April 12, 2017

About The Bananas...Kind of

It started with the bananas. It always does.

They had been receptive to bananas for a while, my daughter and husband. Me too, if I was being honest. But our romance with the bananas began to fade as did the fruit's once creamy yellow skin.

Eat these bananas soon! announced my husband as if someone in the house must surely still love them. These bananas are going bad! Someone needs to eat them before they do! As if he wasn’t a ‘someone' who could eat them.

I lied and said it was my full intention to make banana bread out of what now looked like October leaves. They were beyond dead; and I trashed them with a wince, thinking of how my mother loathed waste.

A giggle barged into my wince as I thought of a dear friend who often said he was so old, he didn’t even buy green bananas.

The thing they don’t tell you about October leaves-bananas is that they attract fruit flies. And after you toss the bananas, the fruit flies stay…I don’t know why, maybe they’re hoping to resurrect the romance so carelessly tossed away.

This sent me to my local hardware store in search of a fruit fly catcher thingee.

Hardware stores aren’t my favorite place to be to begin with. There are thousands of aisles loaded floor to ceiling with eight million different nails, all set aglow by eerie orange fluorescent lights that buzz in time to muzak while the scent of nondescript timber wafts over my being.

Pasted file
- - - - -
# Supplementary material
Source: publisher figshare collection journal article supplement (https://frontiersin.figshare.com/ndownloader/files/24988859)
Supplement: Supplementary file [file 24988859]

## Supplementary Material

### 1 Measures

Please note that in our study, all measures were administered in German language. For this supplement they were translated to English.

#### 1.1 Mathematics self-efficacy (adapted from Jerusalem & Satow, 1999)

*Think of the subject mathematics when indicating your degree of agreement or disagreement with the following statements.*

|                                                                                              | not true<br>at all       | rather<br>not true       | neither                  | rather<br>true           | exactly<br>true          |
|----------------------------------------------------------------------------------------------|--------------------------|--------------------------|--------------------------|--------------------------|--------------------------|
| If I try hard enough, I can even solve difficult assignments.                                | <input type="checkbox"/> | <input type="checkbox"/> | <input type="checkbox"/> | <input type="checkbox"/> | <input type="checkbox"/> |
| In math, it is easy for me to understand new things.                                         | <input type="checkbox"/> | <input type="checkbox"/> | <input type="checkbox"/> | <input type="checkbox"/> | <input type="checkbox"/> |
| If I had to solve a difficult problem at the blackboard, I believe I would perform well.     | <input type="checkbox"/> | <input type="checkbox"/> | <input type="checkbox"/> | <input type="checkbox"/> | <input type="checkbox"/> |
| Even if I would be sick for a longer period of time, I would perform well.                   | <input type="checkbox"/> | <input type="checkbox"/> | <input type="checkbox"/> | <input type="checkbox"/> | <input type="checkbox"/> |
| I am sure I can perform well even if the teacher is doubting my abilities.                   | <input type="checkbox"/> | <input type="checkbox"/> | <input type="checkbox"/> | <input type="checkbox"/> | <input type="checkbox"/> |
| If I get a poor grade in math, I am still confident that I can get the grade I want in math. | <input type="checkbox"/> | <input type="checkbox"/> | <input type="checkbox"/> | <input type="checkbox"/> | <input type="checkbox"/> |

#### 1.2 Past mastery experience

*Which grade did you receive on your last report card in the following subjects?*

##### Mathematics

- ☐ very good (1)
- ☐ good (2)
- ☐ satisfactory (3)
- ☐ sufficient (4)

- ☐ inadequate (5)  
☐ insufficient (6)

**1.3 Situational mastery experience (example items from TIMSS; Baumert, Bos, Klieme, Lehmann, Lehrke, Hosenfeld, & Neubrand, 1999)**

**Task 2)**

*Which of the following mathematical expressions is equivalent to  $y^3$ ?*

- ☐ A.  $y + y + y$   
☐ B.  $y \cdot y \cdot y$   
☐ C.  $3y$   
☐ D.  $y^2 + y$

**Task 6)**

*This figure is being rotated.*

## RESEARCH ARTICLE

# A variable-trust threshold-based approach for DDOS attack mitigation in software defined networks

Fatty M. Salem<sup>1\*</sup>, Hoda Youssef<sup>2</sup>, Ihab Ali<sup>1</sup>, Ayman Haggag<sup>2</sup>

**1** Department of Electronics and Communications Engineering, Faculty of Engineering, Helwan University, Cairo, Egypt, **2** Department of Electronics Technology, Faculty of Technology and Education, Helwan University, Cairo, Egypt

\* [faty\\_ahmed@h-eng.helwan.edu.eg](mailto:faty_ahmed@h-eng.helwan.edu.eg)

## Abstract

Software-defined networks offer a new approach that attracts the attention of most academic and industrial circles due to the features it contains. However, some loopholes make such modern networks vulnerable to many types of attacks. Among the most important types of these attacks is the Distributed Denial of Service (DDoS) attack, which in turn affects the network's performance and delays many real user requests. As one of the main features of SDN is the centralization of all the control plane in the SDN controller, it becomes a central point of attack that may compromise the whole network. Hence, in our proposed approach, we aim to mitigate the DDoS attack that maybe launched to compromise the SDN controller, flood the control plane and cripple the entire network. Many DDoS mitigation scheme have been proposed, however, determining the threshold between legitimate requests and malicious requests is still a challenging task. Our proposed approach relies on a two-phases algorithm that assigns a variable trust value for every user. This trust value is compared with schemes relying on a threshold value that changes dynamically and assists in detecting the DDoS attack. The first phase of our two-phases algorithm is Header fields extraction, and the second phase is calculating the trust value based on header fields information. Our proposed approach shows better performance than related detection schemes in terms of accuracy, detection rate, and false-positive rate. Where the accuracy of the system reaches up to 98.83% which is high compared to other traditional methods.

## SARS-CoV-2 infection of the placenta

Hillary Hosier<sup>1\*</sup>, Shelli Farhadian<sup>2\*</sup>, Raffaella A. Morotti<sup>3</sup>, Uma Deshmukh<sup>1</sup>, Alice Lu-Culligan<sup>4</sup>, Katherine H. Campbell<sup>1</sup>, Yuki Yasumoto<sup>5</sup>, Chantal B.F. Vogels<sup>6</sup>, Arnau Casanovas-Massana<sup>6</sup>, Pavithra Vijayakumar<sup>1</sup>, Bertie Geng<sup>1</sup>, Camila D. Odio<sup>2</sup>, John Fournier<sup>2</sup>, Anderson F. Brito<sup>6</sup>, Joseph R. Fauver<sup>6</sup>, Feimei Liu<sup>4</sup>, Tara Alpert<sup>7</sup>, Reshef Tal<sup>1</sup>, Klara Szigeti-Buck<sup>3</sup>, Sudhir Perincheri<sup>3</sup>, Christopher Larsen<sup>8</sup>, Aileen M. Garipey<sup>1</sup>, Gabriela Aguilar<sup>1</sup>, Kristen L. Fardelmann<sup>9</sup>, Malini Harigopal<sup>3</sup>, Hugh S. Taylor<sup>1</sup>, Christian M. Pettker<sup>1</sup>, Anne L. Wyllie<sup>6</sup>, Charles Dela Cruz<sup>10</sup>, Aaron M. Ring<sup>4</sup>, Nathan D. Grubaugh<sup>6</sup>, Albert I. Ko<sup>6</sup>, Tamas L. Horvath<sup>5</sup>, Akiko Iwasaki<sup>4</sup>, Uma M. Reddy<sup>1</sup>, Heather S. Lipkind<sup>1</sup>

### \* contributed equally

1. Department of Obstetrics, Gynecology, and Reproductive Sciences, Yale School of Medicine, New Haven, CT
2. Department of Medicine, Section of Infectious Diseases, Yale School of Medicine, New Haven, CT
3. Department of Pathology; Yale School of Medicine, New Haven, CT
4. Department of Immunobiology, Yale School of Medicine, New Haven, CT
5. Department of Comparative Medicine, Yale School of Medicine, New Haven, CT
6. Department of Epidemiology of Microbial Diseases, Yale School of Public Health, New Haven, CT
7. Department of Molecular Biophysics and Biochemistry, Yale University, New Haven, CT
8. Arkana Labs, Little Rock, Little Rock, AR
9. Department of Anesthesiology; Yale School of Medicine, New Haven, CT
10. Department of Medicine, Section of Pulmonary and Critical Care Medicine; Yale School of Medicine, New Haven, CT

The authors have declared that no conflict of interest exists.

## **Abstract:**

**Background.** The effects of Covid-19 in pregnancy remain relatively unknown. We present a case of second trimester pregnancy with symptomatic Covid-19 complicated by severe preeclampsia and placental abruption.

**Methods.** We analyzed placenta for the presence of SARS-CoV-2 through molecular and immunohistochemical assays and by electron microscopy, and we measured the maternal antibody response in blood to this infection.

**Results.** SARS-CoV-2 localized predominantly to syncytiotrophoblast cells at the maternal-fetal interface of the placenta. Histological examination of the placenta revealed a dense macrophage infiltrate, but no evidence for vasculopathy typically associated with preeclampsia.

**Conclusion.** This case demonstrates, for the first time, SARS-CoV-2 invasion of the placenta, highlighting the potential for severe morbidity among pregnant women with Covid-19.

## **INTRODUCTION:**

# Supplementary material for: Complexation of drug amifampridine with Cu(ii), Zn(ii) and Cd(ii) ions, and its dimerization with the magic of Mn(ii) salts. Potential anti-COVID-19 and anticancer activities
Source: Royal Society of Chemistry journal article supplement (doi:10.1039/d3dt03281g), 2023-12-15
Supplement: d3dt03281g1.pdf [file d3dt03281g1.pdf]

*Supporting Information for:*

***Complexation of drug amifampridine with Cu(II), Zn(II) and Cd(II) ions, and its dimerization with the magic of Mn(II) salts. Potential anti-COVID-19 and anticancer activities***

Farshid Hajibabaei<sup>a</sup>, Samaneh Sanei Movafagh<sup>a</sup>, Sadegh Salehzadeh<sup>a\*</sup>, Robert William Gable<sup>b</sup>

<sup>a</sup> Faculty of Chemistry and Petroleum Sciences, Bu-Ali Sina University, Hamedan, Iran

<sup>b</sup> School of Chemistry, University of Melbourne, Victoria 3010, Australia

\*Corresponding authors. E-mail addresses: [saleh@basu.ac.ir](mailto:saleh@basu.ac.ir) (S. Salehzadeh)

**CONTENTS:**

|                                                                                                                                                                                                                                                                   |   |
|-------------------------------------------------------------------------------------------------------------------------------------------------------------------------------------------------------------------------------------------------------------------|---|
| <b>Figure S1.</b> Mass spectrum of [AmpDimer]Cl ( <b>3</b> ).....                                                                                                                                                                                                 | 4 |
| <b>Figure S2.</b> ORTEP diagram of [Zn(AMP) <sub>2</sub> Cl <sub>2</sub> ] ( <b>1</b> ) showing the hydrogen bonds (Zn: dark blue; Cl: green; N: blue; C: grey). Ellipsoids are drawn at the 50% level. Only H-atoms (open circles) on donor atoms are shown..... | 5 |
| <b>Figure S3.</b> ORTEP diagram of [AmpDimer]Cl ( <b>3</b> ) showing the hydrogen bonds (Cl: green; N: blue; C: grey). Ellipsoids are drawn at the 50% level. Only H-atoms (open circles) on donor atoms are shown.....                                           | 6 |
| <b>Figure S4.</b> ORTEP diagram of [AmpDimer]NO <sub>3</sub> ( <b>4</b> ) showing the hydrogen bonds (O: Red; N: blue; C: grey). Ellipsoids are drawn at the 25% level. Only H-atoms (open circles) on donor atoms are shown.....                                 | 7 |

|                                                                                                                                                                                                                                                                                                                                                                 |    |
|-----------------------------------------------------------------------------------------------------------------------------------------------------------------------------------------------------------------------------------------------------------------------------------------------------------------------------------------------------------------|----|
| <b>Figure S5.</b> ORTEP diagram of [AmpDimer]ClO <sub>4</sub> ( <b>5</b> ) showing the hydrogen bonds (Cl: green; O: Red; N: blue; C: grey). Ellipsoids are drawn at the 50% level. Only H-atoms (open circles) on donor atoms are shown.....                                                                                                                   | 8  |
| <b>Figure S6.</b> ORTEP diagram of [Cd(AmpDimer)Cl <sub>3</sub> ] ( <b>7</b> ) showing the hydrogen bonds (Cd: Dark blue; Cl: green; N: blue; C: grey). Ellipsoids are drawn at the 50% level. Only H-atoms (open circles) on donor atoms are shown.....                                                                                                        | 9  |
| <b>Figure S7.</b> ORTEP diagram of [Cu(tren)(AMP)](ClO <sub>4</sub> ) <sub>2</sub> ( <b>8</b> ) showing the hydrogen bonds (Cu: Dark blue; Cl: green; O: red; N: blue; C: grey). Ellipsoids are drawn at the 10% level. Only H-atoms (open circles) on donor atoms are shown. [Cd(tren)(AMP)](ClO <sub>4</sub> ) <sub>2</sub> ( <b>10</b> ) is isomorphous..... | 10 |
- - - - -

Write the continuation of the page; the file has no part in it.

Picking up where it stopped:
At least that’s how it felt. Maybe that’s why I was so easily distracted by the daffodil bulbs on the aisle endcaps.

How long had I been threatening to plant daffodils? Three? Five? Seven years? Didn’t matter. All I knew is that every year I’d find myself in the backyard with muddied knees and then day-after strained hamstrings from planting annuals for hours when I should’ve planted perennials. Like daffodils.

At ten bucks a bag, they were worth it. I bought them, planted them and dared any neighborhood squirrel to even think about digging them up. I figured they’d shoot up in April or May and from that time forth, I couldn’t wait to wait out the long Wisconsin winter and see my handiwork.

I’m so old I don’t even buy green bananas I suddenly heard my friend say.

Now I’m not old, but as my waste-loathing mother would say: tomorrow isn’t promised to anyone. Just ask Charlie Murphy, Prince Glen Frey, Tray Walker, Chyna, Phife Dawg and…on second thought, don’t ask.

Green bananas aren't a smart buy after all.

Soon enough, the temps warmed and coaxed green sprouts into bursting forth through thawing soil. It was spring in Wisconsin, which meant the warm weather turned to freezing in a day’s time. I beseeched my husband to save my soon-to-be-babies by covering them until the weather would be kind to them. He did.

A few days ago, I felt the time was right and carefully rolled back their covering.

They were surviving and flourishing. I was here to see it; and, I was grateful in a way I hadn’t been in a long while.

But it all started with the bananas. It always does.